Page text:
What if the hell fire, brimstone, death and demons in death metal and its multifarious subgenres (grindcore, black metal, Satanic metal, Gothic metal, deathgrind, goregrind, pornogrind, metalcore, etc.) were actually real? What if – as Mary Whitehouse, countless Christians and a million parents always feared – this “devil’s music” actually had the power to conjure up actual demonic forces? The idea is certainly nothing new: ever since Screaming Lord Sutch recorded a blood-curdling cover of “Jack the Ripper” in 1963 – coincidentally, the year Mario Bava’s Black Sabbath, which gave one of the UK’s biggest heavy metal bands its name, was released – horror and heavy metal (as it would later become known) have walked hand in leather-gloved hand for more than 50 years.
As early as 1974, Brian De Palma’s Phantom of the Paradise combined hard rock and horror (of a kind), but it wasn’t until the 1980s – when hair metal reached its zenith (or nadir, depending on your viewpoint), and the arrival of VHS made cheesy low-budget horror movies not only possible, but highly profitable – that “metalsploitation” movies began to explore the possibilities of rock-y horror. 1980’s Terror on Tour, for example, trails Kiss-style rock band The Clowns as they tour America, shredding more than guitars. In Rock ‘n’ Roll Nightmare(1987), Jon Mikl Thor (frontman for metal band Thor) finds Satan himself thwarting his efforts to record a new album. And who could forget Rocktober Blood (1988), in which the lead singer of the titular rock band returns from the dead to wreak bloody vengeance on his former bandmates, fans, and anyone else who gets in his way.
Despite the best efforts of musicians-slash-horror fans Dee Snyder (Strangeland), Rob Zombie (House of 1,000 Corpses, etc.) and, well, Slash (Nothing Left to Fear), it’s been a while since we’ve been treated to a horror film in which heavy metal takes centre stage. But now, seemingly out of nowhere (but actually New Zealand), comes writer-director Jason Lei Howden’s DEATHGASM (which has to be written in capital letters, because as one of the characters points out, “lower case is for pussies”), which for filmmaking flair, gloopy gore and horrific hilarity looks set to be the biggest crowd-pleaser of this year’s FrightFest. The last time I had this much fun watching a horror film was nearly thirty years ago, watching Evil Dead II.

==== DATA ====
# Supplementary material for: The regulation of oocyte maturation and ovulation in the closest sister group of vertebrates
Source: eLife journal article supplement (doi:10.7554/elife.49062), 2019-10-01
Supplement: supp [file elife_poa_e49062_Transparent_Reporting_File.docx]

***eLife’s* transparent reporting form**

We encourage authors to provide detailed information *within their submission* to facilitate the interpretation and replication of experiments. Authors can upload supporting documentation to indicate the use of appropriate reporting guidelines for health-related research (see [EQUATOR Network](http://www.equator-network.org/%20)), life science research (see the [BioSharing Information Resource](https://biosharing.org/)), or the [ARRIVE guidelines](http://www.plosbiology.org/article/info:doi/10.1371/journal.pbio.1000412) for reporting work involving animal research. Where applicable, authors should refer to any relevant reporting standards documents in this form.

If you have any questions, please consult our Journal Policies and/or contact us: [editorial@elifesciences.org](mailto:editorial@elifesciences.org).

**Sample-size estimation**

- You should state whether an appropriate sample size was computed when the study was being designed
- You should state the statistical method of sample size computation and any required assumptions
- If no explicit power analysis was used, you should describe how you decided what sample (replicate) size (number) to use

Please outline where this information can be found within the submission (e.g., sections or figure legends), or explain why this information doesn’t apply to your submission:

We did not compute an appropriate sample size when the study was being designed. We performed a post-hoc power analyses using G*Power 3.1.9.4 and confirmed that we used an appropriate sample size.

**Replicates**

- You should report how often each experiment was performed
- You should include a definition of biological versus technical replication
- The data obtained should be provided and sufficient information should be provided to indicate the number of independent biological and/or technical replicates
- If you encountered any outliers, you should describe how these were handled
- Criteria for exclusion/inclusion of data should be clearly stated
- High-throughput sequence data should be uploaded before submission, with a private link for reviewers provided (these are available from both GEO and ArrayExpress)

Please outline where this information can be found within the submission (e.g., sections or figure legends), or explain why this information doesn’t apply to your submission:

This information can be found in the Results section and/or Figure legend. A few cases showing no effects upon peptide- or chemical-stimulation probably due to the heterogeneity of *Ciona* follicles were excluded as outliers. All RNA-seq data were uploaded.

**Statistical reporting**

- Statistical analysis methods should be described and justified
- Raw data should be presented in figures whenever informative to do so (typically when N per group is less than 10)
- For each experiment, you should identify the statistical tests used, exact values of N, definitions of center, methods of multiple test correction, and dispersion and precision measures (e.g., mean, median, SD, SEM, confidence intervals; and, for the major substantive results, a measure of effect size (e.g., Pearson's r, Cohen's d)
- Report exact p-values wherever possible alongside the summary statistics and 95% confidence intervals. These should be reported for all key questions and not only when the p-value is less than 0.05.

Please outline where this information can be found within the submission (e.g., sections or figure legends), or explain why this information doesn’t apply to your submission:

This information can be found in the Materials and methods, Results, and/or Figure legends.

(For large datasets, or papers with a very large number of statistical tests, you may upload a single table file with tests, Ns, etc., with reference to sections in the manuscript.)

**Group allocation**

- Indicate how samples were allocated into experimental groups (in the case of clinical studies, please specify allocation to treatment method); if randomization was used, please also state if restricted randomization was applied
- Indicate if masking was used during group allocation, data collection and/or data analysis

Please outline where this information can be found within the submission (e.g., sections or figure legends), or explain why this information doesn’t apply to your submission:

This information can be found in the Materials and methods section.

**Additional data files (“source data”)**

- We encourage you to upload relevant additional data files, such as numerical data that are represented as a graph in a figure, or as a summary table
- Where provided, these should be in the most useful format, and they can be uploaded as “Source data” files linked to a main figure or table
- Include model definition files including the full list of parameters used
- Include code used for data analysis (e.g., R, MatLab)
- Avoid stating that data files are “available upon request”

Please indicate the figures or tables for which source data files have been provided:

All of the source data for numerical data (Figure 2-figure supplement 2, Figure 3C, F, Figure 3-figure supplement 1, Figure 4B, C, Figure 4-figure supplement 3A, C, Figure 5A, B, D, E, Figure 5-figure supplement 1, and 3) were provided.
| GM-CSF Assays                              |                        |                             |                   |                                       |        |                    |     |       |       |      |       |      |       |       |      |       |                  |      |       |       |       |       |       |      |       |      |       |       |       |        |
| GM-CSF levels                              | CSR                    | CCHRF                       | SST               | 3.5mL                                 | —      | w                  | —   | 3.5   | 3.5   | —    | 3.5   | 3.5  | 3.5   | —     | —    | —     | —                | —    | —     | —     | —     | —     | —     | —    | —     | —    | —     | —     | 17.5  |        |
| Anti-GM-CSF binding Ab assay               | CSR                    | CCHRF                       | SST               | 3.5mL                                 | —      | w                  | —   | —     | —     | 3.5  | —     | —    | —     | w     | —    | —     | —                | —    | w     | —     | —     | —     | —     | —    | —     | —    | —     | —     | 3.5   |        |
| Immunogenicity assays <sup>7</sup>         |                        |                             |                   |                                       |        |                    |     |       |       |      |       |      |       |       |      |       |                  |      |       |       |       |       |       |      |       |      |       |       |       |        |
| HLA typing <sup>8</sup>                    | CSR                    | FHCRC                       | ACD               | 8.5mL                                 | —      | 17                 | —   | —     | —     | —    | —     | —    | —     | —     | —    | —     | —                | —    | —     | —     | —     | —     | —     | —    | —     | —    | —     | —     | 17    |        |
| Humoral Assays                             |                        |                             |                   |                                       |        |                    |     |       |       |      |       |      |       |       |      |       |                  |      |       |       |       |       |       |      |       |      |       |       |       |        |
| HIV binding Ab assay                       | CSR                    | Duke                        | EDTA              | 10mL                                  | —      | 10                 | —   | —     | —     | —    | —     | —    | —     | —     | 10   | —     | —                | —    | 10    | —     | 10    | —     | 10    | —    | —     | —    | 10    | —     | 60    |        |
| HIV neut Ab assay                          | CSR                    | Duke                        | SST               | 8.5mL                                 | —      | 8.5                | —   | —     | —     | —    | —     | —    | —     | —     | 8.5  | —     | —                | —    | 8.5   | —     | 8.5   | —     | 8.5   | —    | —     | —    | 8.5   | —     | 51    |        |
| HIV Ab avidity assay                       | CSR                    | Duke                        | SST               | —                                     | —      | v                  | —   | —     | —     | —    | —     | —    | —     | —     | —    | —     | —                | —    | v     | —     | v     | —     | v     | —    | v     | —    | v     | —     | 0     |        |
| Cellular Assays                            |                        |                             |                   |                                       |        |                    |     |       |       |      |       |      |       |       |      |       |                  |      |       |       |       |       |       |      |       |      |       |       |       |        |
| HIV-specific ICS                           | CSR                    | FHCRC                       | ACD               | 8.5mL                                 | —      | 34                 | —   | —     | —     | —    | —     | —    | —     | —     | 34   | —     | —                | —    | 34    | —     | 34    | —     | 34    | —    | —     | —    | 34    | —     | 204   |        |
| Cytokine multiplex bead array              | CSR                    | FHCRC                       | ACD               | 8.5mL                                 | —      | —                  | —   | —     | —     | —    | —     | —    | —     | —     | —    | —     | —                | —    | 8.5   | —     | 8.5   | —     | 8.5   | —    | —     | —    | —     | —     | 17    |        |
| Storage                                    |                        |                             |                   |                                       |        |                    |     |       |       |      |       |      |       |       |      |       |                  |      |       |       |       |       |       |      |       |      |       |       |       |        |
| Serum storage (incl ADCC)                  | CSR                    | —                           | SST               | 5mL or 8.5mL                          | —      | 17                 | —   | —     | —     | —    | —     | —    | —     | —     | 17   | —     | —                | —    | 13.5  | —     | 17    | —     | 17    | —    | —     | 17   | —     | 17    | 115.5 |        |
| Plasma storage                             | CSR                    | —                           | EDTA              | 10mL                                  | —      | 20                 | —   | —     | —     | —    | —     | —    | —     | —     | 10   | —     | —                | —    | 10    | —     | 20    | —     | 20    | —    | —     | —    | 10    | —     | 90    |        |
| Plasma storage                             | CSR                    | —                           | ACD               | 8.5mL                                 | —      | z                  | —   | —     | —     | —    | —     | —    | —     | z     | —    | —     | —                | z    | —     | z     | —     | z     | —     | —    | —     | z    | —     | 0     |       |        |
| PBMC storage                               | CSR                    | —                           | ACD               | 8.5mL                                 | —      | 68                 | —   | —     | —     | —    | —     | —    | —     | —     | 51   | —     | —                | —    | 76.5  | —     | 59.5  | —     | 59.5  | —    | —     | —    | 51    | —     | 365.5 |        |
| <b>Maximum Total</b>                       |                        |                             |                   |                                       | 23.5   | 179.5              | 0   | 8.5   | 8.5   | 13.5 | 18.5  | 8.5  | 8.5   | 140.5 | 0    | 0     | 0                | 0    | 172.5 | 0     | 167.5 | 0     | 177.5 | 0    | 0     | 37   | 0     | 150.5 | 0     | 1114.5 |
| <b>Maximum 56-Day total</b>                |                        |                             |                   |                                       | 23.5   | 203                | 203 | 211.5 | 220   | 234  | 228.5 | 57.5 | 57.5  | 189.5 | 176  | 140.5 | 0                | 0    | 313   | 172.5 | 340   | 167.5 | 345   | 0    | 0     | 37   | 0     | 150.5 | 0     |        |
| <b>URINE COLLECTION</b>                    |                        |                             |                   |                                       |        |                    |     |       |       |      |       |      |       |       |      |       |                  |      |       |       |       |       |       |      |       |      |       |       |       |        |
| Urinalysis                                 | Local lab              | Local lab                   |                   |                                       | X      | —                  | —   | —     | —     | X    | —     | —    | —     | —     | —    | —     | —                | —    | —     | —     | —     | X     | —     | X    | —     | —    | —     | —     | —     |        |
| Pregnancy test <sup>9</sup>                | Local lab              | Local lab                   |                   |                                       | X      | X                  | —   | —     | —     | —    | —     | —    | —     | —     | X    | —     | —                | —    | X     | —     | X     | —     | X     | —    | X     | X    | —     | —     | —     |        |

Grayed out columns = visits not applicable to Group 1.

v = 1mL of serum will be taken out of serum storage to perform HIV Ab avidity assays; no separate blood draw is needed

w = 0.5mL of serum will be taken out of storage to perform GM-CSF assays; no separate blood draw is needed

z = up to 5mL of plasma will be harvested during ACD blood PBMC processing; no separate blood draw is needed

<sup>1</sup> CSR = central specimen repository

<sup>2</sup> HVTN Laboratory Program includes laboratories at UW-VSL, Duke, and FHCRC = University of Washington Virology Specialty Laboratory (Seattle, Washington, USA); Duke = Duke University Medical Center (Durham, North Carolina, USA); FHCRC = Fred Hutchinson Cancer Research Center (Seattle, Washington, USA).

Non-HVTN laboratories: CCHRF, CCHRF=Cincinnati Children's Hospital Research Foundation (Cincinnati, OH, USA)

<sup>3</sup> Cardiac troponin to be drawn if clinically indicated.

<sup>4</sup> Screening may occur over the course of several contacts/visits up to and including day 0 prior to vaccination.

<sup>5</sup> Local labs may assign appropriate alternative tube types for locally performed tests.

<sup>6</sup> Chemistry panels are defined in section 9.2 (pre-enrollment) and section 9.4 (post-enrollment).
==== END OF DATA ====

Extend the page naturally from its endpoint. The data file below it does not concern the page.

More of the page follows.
Plot-wise, DEATHGASM recalls 1986’s Trick or Treat (heavy metal fan summons murderous glam rocker by playing a cassette backwards) and the following year’s The Gate (heavy metal fans, including a young Stephen Dorff, summon demons by playing a record backwards) – with a batsqueak of Black Roses (1988) and Shock ‘Em Dead (1991) thrown in. Metalhead Brodie (Milo Cawthorne) is having a FML moment: his meth-head mum’s been incarcerated (“for trying to suck off a Santa in a crowded shopping mall”), so he’s been sent to the aptly-named suburban wasteland Greypoint to live with his Bible-bashing uncle and Brodie-bashing cousin. Bullied by the jocks, wooed by the nerds, and all but invisible to local hottie Medina (Kimberley Crossman), things look bleak for Brodie – until he decides to start a death metal band with would-be D&D buddies Dion (Sam Berkley) and Giles (Daniel Cresswell) and fellow metalhead Zakk (James Blake). Its name? DEATHGASM. “All in capitals,” explains Zakk. “Lower case is for pussies!”